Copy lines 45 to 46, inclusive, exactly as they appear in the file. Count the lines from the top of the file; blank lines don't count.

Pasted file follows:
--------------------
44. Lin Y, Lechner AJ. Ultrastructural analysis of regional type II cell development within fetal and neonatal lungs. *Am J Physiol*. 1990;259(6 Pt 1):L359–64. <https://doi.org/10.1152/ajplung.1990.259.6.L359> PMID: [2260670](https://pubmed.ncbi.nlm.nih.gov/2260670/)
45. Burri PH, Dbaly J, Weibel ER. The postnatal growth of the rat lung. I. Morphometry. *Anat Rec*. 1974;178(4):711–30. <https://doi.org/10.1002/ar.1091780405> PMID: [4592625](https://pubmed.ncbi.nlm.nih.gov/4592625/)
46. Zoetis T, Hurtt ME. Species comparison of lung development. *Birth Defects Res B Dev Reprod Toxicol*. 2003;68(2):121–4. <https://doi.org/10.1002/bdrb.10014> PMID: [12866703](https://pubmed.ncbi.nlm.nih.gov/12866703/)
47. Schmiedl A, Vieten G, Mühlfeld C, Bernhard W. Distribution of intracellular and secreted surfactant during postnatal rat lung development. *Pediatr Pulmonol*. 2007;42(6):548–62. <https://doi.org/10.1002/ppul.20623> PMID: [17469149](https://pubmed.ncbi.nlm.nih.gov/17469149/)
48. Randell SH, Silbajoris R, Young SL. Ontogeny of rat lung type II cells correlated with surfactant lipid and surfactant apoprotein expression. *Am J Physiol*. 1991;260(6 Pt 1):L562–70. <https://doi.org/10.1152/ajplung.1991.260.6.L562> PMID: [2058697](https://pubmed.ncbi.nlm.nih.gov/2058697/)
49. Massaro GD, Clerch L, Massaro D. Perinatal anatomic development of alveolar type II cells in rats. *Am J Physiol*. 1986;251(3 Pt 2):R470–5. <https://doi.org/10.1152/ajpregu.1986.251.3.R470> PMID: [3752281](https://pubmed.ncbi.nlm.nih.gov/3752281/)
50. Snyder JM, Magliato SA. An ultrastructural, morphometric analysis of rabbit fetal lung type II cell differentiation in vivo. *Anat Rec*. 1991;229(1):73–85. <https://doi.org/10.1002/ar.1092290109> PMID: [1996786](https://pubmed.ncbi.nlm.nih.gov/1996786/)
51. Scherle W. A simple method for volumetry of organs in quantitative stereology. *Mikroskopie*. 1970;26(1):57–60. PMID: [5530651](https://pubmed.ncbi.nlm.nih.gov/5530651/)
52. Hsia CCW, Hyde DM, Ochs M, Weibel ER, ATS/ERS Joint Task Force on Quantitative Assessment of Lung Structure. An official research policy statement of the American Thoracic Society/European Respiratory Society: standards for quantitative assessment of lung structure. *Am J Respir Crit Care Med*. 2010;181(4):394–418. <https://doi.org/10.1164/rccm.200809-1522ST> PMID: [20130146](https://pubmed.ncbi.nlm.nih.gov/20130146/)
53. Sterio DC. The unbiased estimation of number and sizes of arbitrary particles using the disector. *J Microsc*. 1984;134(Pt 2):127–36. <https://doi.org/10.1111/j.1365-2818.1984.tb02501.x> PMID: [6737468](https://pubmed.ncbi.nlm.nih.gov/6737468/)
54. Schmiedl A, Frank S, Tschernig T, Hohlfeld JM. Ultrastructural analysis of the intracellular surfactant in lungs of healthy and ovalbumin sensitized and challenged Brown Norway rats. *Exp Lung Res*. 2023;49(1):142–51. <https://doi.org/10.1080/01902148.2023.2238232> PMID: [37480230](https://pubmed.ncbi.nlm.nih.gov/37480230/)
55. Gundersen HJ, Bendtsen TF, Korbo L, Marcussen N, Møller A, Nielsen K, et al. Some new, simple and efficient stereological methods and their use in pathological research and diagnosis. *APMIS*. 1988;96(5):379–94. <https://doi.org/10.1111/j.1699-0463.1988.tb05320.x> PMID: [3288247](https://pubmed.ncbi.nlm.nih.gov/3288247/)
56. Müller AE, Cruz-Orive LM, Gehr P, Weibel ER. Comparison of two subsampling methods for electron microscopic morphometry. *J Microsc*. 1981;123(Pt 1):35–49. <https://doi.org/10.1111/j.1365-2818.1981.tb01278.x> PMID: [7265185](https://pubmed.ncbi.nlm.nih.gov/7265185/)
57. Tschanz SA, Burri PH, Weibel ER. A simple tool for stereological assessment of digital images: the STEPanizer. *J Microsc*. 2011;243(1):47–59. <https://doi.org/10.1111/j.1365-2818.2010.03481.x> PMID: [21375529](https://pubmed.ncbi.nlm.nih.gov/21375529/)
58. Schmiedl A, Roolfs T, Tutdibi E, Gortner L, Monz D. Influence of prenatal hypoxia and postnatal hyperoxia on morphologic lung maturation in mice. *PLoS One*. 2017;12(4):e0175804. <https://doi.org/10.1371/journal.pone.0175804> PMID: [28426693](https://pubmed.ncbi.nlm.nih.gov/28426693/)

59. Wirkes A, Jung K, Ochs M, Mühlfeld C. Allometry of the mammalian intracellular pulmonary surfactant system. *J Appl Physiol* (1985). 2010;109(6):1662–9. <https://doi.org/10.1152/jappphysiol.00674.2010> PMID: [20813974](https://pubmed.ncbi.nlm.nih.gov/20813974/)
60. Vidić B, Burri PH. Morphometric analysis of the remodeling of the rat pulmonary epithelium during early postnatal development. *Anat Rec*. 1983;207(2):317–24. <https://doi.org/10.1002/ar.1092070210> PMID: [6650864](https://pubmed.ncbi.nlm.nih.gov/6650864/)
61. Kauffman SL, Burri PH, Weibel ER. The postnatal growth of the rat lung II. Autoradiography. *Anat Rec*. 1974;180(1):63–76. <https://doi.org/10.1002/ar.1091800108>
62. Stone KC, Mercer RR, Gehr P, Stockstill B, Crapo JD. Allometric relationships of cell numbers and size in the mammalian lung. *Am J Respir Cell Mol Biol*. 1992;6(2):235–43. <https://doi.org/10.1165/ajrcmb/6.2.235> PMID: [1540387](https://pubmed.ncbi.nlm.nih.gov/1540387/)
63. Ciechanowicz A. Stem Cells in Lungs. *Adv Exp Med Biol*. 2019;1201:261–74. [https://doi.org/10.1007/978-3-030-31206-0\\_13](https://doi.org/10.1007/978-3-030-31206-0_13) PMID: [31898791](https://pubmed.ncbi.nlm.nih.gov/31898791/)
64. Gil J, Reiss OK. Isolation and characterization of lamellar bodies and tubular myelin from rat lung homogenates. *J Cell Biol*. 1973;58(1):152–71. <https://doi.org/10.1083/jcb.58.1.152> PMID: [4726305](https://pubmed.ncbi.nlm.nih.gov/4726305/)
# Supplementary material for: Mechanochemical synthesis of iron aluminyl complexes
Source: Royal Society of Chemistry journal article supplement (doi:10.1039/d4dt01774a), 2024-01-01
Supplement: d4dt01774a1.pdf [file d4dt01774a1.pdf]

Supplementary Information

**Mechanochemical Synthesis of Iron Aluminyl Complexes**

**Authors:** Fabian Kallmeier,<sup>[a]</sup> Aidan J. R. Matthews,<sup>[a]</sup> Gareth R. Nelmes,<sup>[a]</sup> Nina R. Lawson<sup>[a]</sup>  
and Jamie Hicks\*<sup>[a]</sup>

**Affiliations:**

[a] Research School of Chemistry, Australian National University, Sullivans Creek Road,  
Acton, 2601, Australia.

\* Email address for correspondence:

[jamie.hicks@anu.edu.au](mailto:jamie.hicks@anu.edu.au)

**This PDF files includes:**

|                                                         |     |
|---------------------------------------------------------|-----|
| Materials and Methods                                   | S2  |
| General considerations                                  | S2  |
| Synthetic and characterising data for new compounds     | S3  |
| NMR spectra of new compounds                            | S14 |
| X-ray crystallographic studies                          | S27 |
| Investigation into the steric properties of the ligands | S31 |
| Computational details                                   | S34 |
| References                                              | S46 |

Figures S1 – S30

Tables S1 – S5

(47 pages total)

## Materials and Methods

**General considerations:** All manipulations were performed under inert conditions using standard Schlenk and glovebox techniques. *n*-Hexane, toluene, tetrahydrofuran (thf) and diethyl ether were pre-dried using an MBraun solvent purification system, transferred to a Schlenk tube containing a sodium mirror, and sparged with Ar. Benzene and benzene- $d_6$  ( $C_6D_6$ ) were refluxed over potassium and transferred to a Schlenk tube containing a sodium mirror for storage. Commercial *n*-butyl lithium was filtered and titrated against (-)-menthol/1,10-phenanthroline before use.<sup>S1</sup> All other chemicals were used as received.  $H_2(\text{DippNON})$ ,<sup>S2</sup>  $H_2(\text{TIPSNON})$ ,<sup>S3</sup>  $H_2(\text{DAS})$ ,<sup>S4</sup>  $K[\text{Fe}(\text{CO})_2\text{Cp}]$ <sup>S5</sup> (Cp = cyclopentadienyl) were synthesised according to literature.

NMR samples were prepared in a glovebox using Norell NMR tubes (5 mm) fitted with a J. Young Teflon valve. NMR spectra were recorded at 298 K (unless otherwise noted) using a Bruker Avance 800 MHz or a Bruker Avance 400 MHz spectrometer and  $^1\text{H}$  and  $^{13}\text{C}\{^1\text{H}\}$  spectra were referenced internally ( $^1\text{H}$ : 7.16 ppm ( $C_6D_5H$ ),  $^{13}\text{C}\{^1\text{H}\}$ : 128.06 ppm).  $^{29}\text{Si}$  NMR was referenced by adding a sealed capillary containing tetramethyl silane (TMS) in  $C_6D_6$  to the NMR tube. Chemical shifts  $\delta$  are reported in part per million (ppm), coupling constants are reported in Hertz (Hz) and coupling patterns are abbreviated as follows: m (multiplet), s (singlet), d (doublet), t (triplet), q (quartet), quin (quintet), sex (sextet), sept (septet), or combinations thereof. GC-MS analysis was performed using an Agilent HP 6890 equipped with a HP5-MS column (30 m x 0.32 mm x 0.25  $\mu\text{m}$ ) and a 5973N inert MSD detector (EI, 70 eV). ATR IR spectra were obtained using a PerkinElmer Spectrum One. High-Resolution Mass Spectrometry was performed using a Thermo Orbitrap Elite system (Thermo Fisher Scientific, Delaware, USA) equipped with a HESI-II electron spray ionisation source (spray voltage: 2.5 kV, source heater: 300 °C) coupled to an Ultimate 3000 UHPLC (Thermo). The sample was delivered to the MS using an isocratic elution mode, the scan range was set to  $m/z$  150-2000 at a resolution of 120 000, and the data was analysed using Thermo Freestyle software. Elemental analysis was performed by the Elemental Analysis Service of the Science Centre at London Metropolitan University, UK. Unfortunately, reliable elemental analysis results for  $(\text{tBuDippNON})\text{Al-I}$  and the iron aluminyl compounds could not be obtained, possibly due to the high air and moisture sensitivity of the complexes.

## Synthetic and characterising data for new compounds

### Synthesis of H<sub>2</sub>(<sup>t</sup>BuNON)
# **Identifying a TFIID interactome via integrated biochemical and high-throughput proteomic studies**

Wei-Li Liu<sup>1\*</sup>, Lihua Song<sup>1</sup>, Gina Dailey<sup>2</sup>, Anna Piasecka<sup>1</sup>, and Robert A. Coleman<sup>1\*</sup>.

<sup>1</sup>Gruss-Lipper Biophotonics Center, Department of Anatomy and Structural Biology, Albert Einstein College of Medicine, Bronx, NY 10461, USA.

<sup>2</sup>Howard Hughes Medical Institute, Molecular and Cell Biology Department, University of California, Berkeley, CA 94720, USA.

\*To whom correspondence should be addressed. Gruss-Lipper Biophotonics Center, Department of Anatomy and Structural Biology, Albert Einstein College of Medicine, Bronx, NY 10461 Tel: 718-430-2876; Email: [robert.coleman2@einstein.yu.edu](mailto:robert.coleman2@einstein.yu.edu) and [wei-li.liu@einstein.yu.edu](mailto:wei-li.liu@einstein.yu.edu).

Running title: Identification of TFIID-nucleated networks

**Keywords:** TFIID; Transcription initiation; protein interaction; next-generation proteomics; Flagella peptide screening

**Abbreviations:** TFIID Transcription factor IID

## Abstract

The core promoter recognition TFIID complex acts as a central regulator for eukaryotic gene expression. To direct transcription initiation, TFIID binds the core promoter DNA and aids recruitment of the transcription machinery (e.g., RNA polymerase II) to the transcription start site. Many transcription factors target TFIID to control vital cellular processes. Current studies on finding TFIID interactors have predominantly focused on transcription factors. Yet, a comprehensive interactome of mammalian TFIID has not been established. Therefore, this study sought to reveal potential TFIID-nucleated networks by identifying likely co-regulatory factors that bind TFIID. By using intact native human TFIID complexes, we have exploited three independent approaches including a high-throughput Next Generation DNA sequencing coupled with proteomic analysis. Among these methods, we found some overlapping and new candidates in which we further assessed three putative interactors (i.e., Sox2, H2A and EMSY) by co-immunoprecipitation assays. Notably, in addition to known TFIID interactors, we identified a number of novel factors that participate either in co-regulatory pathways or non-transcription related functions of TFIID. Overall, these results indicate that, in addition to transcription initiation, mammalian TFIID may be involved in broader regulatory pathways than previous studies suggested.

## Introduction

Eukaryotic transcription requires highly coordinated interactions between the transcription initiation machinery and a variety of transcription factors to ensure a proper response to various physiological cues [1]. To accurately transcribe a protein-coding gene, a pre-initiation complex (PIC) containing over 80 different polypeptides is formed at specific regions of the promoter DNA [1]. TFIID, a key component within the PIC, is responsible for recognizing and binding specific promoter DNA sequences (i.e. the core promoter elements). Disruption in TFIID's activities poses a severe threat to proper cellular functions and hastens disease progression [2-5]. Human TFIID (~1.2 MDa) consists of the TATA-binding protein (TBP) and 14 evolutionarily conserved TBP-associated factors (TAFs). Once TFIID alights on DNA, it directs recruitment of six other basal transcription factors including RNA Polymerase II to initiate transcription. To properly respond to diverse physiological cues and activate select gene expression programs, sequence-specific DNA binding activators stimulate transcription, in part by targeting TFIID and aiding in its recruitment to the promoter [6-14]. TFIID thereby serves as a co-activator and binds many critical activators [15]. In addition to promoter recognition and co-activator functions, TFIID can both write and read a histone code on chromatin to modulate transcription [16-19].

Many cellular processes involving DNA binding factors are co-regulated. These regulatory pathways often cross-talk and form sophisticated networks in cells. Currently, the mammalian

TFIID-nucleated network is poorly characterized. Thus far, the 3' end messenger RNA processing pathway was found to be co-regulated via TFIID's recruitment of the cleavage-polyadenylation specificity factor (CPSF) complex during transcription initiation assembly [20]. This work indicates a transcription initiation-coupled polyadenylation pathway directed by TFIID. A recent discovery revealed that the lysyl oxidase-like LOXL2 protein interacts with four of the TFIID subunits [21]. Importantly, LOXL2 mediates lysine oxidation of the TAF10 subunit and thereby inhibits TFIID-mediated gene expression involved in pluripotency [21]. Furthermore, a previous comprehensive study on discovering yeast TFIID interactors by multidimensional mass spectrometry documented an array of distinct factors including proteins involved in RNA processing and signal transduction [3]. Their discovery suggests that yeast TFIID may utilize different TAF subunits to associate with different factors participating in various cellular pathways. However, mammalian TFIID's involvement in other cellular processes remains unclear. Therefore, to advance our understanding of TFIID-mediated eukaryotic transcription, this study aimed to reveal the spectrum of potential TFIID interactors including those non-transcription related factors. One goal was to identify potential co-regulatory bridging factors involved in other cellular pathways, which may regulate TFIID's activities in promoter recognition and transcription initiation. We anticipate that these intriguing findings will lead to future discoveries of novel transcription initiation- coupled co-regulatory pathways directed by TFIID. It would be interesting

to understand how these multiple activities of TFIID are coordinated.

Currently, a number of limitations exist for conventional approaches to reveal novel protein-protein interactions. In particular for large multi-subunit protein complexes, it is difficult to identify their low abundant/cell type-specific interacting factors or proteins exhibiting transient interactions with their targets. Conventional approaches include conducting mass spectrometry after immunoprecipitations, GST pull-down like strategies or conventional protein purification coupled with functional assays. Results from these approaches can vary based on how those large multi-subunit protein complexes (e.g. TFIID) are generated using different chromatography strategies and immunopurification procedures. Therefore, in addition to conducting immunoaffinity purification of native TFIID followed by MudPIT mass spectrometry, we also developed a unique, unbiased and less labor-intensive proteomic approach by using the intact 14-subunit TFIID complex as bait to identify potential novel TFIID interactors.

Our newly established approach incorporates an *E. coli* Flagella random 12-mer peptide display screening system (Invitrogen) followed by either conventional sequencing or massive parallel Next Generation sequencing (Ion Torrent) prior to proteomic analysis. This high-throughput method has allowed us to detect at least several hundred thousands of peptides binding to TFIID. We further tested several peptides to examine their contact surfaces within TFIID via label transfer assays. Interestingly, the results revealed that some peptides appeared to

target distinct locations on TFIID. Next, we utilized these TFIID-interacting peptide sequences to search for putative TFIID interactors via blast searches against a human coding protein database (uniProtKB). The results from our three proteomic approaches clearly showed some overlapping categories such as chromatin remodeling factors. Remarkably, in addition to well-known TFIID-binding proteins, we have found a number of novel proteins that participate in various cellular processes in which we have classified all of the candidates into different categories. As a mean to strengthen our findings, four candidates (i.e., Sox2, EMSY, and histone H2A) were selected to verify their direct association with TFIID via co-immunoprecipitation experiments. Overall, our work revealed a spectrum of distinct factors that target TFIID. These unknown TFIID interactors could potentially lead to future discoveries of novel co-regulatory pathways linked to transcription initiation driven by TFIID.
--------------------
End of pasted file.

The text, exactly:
Figures S1 – S30

Tables S1 – S5